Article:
Israel has to find solutions for its poor education results - opinion

CHILDREN WEAR face masks upon returning to school for the first time since the heartbreak of COVID-19, in May of last year.
(photo credit: OLIVIER FITOUSSI/FLASH90)

Israel's education ranks relatively low compared to other countries, with the Haredi and Arab sectors rating even lower.

The world is a year and a half into the COVID crisis and one fact remains hard to ignore – weak students and weak families have been the hardest hit. The economic, educational and social disarray caused by the pandemic has had the greatest impact on the most disadvantaged part of the population. Two surveys that were recently published in the Israeli press highlight disturbing trends and a lack of policy initiatives to address the needs of Israel’s vulnerable children.

The first, a study undertaken by the Shoresh Institute for Socioeconomic Research, described the poor state of education in Israel compared to other countries in the OECD. Academic performance in basic subjects in the haredi and Arab populations was far below the entire developed world. Poor educational results for students living in the social and economic bottom, the periphery, was also documented. When comparing what students know in reading, science and mathematics and how they can apply it, Israel’s non-religious schools fell below a third of the developed countries in the OECD. The religious schools fell below 80% of those countries even without the inclusion of haredi schools, which don’t participate in standardized tests. One part of the issue appears to lie with the inferior quality of Israel’s teachers. When comparing Israeli teachers to their international counterparts in the OECD assessment of knowledge and skills, Israel’s language arts teachers ranked in the bottom third while math teachers ranked dead last.

The educational picture is complemented by equally grim economic statistics. The Social Policy Institute at Washington University found that 17% of Israeli families with children are unable to afford the amount or type of food they need for normal development. At the height of the COVID crisis, food insecurity impacted a quarter of Israel’s families. The association between food insecurity and risk to childhood physical and mental health and behavioral well-being has been well documented. What is most alarming about the report is how food insecurity has moved from a problem affecting solely the lower socioeconomic segment of the population to one that affects the middle class as well. Israeli food banks and welfare budgets have increased only minimally, forcing Israel’s citizens to rely on relatives and charity for supplemental funding. Despite a promise to increase the government budget for food security from NIS 20 million to NIS 118 million in 2022, the first budget passed with only NIS 23 million in funding.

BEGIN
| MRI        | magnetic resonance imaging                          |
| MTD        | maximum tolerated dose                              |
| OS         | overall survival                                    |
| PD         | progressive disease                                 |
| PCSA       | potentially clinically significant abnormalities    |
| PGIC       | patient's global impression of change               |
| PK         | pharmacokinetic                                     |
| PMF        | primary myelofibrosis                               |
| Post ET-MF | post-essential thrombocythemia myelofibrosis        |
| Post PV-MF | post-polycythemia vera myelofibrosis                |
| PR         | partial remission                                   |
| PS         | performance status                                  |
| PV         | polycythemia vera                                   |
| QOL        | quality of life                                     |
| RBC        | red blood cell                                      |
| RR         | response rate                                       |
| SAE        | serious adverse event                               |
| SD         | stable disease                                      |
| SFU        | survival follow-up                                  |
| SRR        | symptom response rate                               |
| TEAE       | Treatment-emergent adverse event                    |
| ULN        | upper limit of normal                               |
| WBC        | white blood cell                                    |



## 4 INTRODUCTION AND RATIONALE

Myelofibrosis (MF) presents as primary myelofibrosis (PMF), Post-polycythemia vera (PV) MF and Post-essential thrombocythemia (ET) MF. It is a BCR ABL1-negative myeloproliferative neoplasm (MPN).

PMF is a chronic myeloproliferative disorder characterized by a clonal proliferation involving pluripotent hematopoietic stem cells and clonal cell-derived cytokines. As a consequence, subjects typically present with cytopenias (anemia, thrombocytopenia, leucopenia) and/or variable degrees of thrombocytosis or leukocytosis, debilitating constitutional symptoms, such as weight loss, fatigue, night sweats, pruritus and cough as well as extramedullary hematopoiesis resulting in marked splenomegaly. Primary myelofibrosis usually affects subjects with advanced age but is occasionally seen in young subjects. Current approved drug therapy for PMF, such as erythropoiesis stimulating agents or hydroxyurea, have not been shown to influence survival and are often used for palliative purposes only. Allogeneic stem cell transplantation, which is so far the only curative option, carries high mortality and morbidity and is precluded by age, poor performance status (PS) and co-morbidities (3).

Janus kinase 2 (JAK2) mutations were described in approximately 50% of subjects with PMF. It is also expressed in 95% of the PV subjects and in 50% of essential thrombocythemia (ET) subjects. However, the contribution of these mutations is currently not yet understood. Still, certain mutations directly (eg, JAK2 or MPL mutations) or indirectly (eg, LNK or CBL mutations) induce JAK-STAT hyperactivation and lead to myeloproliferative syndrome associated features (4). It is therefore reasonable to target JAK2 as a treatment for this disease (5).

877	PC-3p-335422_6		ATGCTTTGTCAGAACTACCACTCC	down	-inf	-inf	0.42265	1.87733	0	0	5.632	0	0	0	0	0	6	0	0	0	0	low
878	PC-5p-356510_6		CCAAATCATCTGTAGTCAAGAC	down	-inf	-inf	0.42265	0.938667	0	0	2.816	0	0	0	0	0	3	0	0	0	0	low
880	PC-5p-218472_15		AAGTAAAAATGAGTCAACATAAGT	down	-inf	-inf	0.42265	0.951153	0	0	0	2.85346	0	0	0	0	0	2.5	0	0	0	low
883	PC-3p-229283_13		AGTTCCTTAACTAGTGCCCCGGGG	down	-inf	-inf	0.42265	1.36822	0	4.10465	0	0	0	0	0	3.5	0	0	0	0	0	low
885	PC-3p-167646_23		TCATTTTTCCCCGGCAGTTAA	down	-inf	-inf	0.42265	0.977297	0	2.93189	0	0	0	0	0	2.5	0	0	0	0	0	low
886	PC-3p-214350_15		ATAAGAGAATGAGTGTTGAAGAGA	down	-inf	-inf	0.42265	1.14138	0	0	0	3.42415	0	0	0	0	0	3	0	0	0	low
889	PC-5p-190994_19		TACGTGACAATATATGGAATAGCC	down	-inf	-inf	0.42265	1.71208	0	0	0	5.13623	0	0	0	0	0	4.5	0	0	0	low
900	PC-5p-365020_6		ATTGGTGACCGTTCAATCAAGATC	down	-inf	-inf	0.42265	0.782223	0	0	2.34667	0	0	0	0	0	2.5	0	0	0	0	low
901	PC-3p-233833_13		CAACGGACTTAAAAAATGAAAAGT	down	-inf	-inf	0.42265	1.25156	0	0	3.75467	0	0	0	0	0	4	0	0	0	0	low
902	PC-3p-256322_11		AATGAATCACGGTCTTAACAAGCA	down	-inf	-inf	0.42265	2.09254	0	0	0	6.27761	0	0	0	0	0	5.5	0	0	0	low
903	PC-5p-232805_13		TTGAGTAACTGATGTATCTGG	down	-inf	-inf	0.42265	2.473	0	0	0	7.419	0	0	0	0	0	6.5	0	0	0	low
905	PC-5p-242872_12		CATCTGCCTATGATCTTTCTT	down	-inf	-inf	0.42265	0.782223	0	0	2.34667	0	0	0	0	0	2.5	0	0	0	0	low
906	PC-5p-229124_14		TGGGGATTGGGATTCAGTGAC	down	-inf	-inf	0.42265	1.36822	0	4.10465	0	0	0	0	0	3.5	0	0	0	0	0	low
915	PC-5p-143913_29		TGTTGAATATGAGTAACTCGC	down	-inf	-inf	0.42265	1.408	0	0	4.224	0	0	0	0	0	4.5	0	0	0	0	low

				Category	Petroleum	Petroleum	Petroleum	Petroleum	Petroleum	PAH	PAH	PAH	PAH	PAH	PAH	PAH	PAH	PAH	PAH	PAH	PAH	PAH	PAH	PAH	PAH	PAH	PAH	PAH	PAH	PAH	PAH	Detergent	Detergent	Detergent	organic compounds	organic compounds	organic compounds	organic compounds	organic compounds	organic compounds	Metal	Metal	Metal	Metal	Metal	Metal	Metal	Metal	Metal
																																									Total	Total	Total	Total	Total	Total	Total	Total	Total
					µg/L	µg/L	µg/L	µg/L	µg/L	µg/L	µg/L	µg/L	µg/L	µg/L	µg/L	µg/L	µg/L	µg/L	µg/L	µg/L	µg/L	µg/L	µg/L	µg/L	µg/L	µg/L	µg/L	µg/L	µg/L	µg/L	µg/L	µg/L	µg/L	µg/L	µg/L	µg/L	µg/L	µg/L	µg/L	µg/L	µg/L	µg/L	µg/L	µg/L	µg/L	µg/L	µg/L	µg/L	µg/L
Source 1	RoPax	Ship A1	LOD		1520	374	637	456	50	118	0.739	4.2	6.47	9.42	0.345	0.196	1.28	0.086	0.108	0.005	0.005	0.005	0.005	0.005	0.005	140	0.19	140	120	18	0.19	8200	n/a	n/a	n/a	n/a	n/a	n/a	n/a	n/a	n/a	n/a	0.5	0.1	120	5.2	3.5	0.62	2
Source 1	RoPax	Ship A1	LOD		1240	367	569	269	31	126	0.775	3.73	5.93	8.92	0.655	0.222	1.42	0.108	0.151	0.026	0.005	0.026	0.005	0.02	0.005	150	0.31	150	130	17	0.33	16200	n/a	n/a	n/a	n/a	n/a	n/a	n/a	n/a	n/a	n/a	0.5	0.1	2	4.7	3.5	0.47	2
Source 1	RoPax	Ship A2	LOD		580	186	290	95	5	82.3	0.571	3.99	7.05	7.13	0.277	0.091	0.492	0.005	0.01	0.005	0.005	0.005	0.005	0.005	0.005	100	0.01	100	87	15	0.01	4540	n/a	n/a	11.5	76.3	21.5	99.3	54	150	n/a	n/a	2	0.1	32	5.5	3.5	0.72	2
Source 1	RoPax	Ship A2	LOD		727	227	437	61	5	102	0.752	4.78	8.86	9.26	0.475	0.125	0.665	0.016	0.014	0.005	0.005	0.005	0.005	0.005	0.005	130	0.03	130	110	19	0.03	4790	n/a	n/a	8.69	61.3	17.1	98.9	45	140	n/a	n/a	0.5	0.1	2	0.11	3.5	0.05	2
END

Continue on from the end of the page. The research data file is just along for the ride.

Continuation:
And so, I keep asking myself, why is this allowed to happen in Israel, Start-Up Nation, the world’s most creative problem solver?

ARAB-ISRAELI teacher, Nedaa Rabie, poses in her classroom at the Gvanim Junior High School in Kadima in 2013. The Gvanim Junior High School currently employs five Arab teachers and serves as a successful example of the Education Ministry’s program for integrating Arab school teachers in the Jewish (credit: HADAS PARUSH/FLASH90)

Recently, I had the privilege of participating in Prime Minister Naftali Bennett’s address to North American Jewish leadership. I was struck by his passion for history and how he framed Israel’s current administration within a context of Jewish sovereignty going back to the First and Second Temple periods. I appreciated his description of how coalition partners, who previously demonized one another, are working together to deal with the real issues of governing a modern, complicated state. 

But talk is not enough. Israel rightly believes its best natural resource is its brainpower. That means if Israel is to continue to ensure a vibrant, successful future, it must invest smartly and fully in its children. There are several actions to take to make this dream a reality: First, is the identification and implementation in Israel of educational strategies successfully utilized around the world to engage and maximize student potential. Extra tutoring, after-school programming and enrichment can all play a role in exposing students to the world of possibilities and breaking the glass ceiling for disadvantaged children. Second, rigid rules on teacher classifications and classroom requirements and exams need to be replaced with flexible policies and structures devoted to the acquisition of 21st-century skills. And third, there must be institutional fortitude to reallocate governmental budgets to provide families and children with incremental food, housing and welfare costs and support. 

If this doesn’t happen, the incremental costs of poor health and low employment will very quickly dwarf any so-called savings from a lack of investment in Israel’s future. 

The writer is president of the AMIT educational network.

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